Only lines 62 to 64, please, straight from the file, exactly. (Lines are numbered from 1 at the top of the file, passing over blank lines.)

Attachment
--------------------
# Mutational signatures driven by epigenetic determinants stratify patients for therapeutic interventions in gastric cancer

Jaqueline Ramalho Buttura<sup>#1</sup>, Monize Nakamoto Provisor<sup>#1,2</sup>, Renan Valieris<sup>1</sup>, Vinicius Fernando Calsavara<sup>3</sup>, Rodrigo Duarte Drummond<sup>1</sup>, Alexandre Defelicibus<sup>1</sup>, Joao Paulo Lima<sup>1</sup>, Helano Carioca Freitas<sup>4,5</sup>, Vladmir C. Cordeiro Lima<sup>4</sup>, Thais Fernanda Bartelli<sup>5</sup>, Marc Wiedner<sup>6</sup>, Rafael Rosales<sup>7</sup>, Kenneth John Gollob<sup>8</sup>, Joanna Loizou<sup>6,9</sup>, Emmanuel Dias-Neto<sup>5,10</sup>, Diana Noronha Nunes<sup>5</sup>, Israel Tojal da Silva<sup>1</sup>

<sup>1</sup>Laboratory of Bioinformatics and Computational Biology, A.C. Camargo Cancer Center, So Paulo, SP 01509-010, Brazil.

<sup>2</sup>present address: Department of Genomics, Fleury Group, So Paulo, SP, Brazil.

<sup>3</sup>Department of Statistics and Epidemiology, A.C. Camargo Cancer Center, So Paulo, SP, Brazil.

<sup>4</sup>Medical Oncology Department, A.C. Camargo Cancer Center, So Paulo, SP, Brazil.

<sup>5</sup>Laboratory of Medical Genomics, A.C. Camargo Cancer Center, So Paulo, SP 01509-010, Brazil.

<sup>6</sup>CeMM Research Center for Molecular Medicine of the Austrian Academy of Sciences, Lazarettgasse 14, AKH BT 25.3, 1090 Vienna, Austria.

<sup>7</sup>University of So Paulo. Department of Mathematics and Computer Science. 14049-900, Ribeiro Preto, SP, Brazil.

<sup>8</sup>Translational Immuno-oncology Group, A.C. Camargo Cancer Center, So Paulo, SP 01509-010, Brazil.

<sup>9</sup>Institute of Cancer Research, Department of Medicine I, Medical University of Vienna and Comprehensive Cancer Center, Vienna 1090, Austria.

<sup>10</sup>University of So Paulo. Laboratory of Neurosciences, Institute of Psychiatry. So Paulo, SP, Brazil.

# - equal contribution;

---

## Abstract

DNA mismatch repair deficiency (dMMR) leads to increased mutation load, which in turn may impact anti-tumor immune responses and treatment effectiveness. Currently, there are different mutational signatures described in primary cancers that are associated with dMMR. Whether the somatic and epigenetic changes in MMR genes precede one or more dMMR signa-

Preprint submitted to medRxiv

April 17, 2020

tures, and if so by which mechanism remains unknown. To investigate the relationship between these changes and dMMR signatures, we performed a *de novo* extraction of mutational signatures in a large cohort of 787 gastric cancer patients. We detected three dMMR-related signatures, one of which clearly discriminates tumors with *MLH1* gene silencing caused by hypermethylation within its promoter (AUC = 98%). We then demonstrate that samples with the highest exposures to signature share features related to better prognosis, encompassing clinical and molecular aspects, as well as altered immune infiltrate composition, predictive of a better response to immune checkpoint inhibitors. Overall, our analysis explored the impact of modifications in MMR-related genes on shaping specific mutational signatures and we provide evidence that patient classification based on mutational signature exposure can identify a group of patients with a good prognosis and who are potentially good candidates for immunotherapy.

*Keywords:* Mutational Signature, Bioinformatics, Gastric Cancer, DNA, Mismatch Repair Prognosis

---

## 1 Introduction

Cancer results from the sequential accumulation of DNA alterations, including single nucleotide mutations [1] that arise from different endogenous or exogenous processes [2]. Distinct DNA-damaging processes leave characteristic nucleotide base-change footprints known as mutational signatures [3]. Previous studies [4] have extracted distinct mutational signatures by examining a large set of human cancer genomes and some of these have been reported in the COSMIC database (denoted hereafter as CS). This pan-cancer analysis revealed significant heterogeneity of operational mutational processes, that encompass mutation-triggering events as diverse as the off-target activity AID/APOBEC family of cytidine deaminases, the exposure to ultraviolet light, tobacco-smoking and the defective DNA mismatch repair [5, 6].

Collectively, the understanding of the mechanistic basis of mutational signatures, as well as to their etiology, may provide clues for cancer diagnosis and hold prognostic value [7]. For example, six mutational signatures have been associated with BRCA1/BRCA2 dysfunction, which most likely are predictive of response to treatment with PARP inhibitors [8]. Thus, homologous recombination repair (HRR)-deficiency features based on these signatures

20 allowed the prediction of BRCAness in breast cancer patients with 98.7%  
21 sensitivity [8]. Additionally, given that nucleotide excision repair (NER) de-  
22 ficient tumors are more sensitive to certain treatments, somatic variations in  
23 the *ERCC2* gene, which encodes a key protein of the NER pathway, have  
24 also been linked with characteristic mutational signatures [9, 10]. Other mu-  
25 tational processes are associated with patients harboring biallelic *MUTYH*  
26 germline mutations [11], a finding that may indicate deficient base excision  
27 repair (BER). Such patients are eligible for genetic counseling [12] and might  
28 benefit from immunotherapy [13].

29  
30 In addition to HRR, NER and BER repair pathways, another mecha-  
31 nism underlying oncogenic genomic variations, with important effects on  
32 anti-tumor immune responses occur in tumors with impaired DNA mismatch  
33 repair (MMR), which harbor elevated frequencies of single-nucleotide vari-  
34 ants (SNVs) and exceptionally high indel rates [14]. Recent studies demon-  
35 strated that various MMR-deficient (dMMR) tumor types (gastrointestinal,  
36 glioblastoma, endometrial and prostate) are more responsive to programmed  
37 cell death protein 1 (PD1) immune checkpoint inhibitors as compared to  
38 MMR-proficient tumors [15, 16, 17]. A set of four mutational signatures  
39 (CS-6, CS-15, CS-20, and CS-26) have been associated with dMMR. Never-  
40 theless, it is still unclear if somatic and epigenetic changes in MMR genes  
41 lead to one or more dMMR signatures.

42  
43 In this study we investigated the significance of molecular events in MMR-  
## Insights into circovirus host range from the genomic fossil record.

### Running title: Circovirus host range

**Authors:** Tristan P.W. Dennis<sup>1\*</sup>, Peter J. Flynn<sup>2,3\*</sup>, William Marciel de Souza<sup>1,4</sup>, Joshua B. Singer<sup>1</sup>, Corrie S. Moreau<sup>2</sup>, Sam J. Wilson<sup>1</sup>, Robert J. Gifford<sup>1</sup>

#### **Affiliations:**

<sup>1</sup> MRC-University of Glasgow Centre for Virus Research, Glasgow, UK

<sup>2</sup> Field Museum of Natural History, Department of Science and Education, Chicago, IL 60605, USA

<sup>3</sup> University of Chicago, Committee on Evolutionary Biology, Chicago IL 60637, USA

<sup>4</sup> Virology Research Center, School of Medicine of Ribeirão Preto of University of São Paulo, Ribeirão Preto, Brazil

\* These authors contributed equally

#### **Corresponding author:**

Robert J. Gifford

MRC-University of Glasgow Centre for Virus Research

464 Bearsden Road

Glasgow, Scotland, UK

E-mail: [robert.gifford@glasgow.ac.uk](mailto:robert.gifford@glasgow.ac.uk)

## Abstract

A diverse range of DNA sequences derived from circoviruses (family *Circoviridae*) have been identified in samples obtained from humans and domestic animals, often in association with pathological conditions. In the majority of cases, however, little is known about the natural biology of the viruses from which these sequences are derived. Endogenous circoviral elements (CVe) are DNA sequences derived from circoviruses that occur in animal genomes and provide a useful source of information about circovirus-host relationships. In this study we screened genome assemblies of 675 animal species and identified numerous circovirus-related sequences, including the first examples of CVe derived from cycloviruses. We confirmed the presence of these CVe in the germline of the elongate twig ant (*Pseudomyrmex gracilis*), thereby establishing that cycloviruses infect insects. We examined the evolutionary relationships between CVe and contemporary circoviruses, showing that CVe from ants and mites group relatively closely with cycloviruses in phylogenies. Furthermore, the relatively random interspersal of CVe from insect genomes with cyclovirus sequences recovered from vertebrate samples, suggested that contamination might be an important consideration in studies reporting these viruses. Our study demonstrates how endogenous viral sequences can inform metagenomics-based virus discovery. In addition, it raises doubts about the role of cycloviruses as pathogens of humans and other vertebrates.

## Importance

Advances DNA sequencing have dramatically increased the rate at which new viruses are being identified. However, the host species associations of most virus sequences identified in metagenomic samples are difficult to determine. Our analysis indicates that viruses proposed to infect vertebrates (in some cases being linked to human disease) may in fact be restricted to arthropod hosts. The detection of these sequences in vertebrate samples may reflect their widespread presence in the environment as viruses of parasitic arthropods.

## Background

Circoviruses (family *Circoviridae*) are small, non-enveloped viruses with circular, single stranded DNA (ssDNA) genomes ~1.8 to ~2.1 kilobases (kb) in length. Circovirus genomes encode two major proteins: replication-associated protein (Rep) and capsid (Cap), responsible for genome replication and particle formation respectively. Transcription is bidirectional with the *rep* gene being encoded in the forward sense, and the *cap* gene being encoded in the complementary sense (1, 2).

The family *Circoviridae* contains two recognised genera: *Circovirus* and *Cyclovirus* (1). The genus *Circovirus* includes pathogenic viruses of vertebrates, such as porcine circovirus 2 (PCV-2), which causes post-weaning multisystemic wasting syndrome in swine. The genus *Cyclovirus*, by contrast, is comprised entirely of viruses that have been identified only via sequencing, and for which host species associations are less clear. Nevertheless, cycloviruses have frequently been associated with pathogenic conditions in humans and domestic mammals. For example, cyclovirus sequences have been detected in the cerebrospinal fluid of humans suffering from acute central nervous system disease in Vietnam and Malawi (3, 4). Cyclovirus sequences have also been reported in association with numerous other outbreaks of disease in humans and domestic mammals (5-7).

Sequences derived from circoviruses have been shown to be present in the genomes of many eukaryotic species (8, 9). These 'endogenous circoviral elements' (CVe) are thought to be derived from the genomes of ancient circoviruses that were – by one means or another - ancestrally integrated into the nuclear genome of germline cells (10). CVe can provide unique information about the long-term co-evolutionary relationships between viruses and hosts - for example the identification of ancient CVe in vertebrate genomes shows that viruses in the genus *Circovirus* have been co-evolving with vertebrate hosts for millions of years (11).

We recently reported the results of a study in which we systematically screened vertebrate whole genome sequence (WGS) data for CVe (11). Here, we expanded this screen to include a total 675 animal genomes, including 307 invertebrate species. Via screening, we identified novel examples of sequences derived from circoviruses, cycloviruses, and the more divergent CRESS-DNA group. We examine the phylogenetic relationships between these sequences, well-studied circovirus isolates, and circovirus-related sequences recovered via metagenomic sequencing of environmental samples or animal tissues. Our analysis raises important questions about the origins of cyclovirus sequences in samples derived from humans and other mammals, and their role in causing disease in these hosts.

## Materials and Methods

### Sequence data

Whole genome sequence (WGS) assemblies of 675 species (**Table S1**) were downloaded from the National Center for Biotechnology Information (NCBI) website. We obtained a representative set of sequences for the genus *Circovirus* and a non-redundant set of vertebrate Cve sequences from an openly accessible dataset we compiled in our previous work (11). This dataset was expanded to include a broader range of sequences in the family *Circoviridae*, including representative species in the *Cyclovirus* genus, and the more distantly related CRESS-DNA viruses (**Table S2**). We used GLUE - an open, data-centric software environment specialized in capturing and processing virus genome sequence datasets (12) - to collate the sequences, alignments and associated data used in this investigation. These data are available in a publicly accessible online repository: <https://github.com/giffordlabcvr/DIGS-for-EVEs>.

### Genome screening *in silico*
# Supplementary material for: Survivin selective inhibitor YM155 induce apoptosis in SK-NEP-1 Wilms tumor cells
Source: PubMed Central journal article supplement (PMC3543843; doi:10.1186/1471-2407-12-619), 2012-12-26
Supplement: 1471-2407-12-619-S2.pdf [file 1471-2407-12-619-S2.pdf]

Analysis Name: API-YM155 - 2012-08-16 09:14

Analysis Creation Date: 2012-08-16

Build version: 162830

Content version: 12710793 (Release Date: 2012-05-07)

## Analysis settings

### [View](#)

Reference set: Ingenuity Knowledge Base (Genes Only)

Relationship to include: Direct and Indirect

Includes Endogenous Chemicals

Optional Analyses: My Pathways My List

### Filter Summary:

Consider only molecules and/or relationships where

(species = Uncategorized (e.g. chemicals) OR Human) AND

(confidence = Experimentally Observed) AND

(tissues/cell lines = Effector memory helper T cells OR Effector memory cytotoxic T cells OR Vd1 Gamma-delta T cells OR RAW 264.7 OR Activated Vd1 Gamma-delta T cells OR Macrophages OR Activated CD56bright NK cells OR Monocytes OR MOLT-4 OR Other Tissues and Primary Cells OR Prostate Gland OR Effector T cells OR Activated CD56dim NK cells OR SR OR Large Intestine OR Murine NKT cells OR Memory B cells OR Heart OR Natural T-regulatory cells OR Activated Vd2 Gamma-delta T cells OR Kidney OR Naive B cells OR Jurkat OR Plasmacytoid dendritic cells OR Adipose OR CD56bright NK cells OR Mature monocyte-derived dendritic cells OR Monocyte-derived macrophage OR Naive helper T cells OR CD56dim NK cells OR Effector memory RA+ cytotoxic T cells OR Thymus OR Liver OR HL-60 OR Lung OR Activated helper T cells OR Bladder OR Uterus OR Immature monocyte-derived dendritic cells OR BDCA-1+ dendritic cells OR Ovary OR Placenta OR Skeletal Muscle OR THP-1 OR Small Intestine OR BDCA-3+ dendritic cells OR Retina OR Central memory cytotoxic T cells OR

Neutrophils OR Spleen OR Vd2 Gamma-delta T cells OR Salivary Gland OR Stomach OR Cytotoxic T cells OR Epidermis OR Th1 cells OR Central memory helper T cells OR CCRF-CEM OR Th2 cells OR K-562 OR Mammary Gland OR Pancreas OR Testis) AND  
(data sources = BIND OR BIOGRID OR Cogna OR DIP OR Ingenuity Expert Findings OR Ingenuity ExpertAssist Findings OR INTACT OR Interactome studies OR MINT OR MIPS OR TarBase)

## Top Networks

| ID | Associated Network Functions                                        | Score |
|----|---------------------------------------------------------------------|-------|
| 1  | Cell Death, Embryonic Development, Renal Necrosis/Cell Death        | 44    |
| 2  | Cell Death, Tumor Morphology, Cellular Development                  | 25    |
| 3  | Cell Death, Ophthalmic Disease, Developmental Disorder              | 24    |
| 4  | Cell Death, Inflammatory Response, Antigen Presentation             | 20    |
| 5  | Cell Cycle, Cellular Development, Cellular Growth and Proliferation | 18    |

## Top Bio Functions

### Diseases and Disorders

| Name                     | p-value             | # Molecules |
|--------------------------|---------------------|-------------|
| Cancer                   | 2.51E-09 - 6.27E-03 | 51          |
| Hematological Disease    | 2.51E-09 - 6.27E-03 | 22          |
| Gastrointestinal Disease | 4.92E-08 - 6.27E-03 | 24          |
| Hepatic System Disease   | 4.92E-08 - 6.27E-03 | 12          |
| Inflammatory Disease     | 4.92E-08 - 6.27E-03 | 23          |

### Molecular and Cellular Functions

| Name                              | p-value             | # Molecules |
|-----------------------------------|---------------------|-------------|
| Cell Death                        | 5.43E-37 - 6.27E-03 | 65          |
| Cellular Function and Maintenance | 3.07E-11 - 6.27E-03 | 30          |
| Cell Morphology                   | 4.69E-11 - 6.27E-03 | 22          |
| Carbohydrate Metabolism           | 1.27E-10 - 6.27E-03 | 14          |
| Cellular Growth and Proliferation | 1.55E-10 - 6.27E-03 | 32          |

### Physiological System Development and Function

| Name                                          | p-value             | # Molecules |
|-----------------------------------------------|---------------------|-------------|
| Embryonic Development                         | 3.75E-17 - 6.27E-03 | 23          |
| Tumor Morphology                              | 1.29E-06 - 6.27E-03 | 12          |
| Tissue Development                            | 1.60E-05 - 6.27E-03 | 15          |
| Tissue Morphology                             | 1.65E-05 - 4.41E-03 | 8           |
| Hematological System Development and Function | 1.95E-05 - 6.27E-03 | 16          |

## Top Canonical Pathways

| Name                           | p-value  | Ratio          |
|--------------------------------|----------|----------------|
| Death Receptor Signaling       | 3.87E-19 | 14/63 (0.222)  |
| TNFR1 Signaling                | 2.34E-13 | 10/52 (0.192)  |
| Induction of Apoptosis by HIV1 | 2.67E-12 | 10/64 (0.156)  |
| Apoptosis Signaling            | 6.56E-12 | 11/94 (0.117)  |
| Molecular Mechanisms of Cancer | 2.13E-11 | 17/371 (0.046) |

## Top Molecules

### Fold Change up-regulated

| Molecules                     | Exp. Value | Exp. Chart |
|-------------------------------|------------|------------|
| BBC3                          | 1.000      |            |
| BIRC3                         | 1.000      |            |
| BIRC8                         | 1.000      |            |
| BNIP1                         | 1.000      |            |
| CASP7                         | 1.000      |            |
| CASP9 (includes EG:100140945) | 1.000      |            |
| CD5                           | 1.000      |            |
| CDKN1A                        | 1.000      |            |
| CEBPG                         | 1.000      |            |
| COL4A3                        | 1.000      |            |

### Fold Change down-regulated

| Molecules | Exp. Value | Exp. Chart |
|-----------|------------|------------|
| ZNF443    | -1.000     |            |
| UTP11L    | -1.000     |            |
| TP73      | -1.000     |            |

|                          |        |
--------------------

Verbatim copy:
Glasgow, Scotland, UK

E-mail: [robert.gifford@glasgow.ac.uk](mailto:robert.gifford@glasgow.ac.uk)

## Abstract